We all know and say phrases like “Everyone makes mistakes!” and “No one is perfect!” – especially when it comes to our own missteps or those of our loved ones. It’s actually pretty clear to us that these phrases contain quite a bit of truth. Yet, the digital public seems to be forgetting about this more and more often these days. Particularly when it comes to celebrities, politicians or companies, the public’s tolerance for mistakes seems to be steadily decreasing. In the context of so-called cancel culture, small mistakes, but also long-ago missteps quickly unleash an avalanche of indignation in this context. This then rolls through the web, triggers calls for boycotts, brings politicians to their knees or tears down entire careers along the way.
Cancel Culture doesn’t sound all that problematic to you at first? Individuals get more say, minorities can point out grievances more loudly, and actors who continuously misbehave are held accountable. Yes, Cancel Culture has good sides and, in the best case, can lead to a positive change in behavior. For as positive as the whole thing seems at first glance, there is also much to criticize. For example, cancel culture not only gives marginalized groups a voice, but it also simultaneously works against broad-based plurality of opinion. In addition, on the one hand, the digital calls for boycotts are escalating more and more, leading to verbal outbursts, defamation and insults against people or companies that are simply unacceptable in such severity.
On the other hand, they are also instrumentalized by political groups to wage proxy wars, in which the actual targets of the boycott calls are massively and unintentionally caught in the crossfire. Ultimately, the triggers for such boycotts are not always recent events, but also long-ago offenses. The problem here is that social norms are not static. They evolve – for example, behaviors that were considered legitimate by the masses 50 years ago are no longer okay today. Nevertheless, past actions are still evaluated in the context of current values. This does not always have to be wrong, but this practice should be critically examined and questioned on a case-by-case basis.
In addition to all these points of criticism, cancel culture also opens up new gateways for targeted reputational attacks. Because producing an (artificial) hate storm is made even easier by the increasing cancel culture, while the outrage storm itself also entails increasingly serious consequences. The goal in a fake firestorm can be different: Interest groups try to push through their own agenda, political groups try to discredit their opponents, or companies simply try to gain a market advantage.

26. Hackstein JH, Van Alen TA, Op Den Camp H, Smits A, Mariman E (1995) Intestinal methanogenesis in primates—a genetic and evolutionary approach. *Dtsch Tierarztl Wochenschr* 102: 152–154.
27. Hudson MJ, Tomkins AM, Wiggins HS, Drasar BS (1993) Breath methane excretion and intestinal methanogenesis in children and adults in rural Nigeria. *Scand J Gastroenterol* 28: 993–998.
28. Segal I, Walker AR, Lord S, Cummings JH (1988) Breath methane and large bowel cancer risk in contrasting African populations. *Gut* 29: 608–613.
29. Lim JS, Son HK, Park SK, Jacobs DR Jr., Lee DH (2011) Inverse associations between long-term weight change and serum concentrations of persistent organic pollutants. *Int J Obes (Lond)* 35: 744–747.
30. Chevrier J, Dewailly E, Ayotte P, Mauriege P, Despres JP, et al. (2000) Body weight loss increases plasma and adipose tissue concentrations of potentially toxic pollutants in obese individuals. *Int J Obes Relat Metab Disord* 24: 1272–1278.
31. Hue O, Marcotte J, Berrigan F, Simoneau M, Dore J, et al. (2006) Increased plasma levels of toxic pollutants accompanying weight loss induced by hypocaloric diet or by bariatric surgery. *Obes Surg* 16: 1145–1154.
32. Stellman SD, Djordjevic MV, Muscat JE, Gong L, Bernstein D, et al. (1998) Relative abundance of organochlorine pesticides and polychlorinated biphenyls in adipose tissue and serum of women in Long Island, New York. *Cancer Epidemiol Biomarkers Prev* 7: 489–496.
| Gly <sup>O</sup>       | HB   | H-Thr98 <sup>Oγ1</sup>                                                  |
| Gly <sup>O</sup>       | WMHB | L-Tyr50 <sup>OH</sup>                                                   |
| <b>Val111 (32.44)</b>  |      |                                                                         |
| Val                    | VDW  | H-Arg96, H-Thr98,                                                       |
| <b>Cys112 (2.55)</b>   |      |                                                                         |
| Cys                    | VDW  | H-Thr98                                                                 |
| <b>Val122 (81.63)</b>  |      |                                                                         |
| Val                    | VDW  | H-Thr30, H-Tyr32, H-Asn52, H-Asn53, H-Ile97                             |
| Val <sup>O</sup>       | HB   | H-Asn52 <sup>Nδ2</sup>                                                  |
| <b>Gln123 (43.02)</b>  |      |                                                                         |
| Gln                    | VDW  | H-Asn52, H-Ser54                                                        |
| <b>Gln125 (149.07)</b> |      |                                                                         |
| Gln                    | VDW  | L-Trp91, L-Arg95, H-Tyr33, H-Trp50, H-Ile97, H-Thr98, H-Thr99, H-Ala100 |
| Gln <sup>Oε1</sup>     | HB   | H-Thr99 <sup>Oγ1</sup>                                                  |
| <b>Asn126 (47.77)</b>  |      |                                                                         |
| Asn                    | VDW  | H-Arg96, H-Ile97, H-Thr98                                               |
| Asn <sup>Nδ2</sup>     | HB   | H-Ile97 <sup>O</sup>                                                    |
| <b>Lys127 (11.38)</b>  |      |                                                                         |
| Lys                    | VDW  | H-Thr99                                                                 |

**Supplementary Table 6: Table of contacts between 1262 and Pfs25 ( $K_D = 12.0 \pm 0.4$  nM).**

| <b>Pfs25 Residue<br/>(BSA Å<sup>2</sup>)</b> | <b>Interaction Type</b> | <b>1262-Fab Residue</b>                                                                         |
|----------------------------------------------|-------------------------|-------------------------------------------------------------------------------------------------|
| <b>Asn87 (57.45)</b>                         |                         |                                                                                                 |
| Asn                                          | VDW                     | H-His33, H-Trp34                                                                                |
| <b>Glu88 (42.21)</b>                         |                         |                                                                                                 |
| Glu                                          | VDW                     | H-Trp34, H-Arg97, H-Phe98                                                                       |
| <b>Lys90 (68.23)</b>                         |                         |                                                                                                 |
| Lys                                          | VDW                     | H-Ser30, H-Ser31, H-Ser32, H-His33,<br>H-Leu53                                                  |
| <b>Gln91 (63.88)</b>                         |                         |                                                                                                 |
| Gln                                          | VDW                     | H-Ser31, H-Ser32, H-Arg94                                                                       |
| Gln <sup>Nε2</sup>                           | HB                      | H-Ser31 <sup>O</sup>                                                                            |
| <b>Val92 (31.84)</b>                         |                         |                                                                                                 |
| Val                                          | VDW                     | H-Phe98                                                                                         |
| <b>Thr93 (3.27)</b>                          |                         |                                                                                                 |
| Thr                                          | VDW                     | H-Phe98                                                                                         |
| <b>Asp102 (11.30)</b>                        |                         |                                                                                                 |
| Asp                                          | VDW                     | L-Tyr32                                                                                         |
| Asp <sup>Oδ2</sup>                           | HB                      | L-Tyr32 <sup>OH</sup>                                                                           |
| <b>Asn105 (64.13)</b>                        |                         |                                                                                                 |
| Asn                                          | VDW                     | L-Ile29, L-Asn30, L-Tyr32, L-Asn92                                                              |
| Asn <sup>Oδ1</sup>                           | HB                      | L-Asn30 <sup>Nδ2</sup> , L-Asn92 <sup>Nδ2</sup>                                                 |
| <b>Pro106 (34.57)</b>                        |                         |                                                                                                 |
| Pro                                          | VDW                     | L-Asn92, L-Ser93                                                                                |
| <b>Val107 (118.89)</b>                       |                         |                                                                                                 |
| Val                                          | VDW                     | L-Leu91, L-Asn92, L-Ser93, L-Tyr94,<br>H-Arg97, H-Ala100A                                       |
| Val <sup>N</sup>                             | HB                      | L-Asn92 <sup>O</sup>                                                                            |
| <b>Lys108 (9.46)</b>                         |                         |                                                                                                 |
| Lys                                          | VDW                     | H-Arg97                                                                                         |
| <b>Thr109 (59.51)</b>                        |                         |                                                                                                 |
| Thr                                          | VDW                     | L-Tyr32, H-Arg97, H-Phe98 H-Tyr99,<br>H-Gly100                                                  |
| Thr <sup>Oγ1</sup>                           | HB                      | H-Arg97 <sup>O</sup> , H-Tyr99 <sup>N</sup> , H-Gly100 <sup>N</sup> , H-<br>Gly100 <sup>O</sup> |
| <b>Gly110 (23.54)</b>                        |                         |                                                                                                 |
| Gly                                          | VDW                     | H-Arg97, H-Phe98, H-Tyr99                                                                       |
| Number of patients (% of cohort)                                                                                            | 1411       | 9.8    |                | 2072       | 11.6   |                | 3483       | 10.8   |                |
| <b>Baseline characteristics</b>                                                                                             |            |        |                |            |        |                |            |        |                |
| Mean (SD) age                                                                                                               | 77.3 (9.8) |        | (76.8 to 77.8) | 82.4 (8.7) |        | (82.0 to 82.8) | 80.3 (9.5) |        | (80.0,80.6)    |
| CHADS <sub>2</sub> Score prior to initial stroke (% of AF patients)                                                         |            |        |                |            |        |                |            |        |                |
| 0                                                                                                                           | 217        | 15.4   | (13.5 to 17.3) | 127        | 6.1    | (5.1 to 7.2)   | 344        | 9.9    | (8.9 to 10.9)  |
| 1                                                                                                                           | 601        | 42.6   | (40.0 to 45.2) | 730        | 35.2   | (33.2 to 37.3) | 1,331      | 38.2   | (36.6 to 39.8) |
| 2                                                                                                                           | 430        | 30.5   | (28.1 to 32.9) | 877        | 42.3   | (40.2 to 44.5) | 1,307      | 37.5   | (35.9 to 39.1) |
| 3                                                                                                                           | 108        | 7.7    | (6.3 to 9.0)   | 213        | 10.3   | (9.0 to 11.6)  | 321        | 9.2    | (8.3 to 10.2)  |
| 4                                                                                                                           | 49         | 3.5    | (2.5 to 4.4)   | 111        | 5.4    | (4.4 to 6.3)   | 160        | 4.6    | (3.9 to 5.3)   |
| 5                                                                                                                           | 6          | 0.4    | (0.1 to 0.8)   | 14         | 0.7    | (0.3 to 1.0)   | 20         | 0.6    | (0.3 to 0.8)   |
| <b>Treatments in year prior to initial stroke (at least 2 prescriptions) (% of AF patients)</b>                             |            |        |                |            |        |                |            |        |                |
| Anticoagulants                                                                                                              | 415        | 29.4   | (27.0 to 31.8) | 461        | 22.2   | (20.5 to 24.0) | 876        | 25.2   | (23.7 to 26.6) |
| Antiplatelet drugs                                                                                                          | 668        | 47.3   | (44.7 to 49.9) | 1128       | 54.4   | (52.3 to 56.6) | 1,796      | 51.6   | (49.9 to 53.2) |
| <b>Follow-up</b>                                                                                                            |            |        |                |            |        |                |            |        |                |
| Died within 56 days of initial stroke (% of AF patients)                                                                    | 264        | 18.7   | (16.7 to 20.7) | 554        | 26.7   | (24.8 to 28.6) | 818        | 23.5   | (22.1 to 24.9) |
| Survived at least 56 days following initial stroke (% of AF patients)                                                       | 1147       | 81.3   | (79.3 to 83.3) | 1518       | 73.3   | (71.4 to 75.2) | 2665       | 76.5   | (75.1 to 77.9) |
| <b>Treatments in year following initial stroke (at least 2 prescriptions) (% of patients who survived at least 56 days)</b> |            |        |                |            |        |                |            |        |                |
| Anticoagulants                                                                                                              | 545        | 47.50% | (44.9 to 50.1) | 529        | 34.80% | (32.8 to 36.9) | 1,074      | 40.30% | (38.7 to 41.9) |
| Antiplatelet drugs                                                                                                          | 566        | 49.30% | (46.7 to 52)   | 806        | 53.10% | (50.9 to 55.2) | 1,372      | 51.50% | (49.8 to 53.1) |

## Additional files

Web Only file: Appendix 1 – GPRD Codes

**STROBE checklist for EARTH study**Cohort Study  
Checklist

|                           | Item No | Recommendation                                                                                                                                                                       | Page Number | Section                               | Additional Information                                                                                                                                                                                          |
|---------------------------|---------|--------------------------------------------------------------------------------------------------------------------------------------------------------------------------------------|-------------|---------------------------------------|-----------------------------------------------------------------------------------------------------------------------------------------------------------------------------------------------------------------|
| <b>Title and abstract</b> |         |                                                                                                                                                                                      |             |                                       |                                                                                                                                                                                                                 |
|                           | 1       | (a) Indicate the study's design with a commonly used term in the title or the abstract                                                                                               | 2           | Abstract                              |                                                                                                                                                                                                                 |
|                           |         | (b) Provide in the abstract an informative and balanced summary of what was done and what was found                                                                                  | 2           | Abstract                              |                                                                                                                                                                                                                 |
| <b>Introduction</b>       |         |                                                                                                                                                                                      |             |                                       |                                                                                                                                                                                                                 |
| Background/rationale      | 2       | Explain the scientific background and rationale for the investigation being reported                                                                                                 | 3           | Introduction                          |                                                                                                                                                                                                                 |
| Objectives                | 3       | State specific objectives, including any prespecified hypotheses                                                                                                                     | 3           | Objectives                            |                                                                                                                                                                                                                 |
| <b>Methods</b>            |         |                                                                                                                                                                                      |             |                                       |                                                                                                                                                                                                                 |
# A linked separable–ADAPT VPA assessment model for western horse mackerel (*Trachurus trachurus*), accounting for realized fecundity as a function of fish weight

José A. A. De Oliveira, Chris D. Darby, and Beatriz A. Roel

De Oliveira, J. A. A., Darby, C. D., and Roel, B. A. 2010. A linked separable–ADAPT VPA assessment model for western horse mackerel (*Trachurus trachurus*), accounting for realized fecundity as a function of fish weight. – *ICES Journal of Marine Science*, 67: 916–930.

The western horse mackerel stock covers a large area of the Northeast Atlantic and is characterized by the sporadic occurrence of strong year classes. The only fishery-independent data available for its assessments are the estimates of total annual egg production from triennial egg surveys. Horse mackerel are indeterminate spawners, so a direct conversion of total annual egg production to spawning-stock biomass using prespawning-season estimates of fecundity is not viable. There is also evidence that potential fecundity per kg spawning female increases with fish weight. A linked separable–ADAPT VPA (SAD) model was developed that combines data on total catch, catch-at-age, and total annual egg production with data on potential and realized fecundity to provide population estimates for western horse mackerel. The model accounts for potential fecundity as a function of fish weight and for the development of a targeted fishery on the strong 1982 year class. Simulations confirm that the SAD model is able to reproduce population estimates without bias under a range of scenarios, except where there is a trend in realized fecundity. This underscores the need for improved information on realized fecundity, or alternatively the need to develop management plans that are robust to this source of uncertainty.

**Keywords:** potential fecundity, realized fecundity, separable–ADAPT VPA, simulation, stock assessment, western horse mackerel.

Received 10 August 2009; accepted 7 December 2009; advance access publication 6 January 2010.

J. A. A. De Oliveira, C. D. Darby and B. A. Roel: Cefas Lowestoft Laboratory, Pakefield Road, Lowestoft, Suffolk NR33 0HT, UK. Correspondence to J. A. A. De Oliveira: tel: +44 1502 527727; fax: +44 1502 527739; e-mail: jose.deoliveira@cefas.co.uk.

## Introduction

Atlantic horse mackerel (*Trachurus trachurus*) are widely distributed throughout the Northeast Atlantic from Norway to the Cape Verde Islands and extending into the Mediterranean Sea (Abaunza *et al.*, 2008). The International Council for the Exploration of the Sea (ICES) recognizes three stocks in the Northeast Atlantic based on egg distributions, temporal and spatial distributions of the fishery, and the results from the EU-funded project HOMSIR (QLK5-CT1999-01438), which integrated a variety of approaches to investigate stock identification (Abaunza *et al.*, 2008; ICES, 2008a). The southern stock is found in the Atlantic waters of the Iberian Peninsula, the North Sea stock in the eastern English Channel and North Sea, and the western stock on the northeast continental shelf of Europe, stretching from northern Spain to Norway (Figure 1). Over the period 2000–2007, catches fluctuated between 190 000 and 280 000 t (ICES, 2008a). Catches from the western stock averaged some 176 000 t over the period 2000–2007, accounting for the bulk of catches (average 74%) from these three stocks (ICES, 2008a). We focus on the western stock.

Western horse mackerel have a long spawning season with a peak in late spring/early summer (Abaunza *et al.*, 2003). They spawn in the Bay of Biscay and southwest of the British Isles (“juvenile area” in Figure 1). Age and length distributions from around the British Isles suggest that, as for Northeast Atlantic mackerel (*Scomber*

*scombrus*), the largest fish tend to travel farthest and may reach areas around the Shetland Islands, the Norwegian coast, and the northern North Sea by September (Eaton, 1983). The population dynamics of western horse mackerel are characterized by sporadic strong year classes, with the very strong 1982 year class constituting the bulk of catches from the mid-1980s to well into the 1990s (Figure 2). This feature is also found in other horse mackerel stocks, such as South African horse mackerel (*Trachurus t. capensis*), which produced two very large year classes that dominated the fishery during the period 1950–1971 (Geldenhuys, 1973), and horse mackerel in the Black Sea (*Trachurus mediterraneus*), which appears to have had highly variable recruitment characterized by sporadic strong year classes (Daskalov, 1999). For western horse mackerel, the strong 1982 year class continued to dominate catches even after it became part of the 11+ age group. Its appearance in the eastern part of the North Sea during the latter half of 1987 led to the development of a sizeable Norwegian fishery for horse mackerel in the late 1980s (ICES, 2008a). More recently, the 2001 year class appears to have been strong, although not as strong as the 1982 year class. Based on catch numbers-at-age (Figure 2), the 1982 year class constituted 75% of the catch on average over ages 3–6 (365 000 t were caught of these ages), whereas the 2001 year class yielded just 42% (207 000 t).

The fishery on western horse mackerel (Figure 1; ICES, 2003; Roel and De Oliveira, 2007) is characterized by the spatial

To carry out such an attack, attackers specifically look for missteps by the company or its employees and make them public. If they do not find any weak points, they simply resort to a simple method: they invent alleged incidents, create false content and spread it on the Internet. Then, they provoke a firestorm with fake likes and comments and also try to drive users to join in by posting particularly polarizing content.
Once the firestorm has been unleashed, it is almost impossible to recover. Even correcting false information often has only a small effect. This is because coordinated online shaming destroys not only the reputation but also the credibility of the actor under attack. In addition,
1) many users do not research such cases again and, in the worst case, do not even come into contact with the corrections and
2) the so-called negativity effect also comes into play here.
This causes us to remember negative information more than positive information. In the case of a fake cancel culture attack, it is more likely to be the accusation than the correction.
For companies, the cancel culture phenomenon thus entails two main developments. A change in the understanding of reputation and also new framework conditions for crisis management.
Corporate reputation is constituted by various factors. In the past, these were primarily functional aspects: product, service quality or the financial strength of a company were the main reputational drivers. Today, we are experiencing a change toward an emphasis on social reputation. Potential customers and employees are increasingly asking questions like: How does the company treat its employees? Does the company pay attention to environmental friendliness? How sustainably does it operate? And above all, do the company’s values and purpose match my own?
If the last question in particular is answered with “yes,” there is a high probability that a person will develop a positive image of the company. Companies must therefore base their own actions and also communications much more strongly on this new understanding. In addition to that, the behavior of employees and business partners should be examined against this background. If you do business with a supplier who is conspicuous for critical behavior, this is quickly projected onto your company. It is therefore important to create awareness of reputation and its pitfalls throughout the entire value chain.
Cancel culture exacerbates the danger level on the Internet. The fear that every e-mail could end up on the Internet and trigger a boycott quickly makes you unable to act. If you want to counteract this, you have to invest in digital crisis prevention. On the one hand, it helps to minimize digital risks – such as reputational attacks as far as possible. Also, it helps to prepare for being at the center of a digital boycott call. In the event of an emergency, this also helps to react quickly and, above all, adequately to avoid worse consequential damage.
You need support in dealing with digital crises? We are happy to help you!
Better safe than sorry.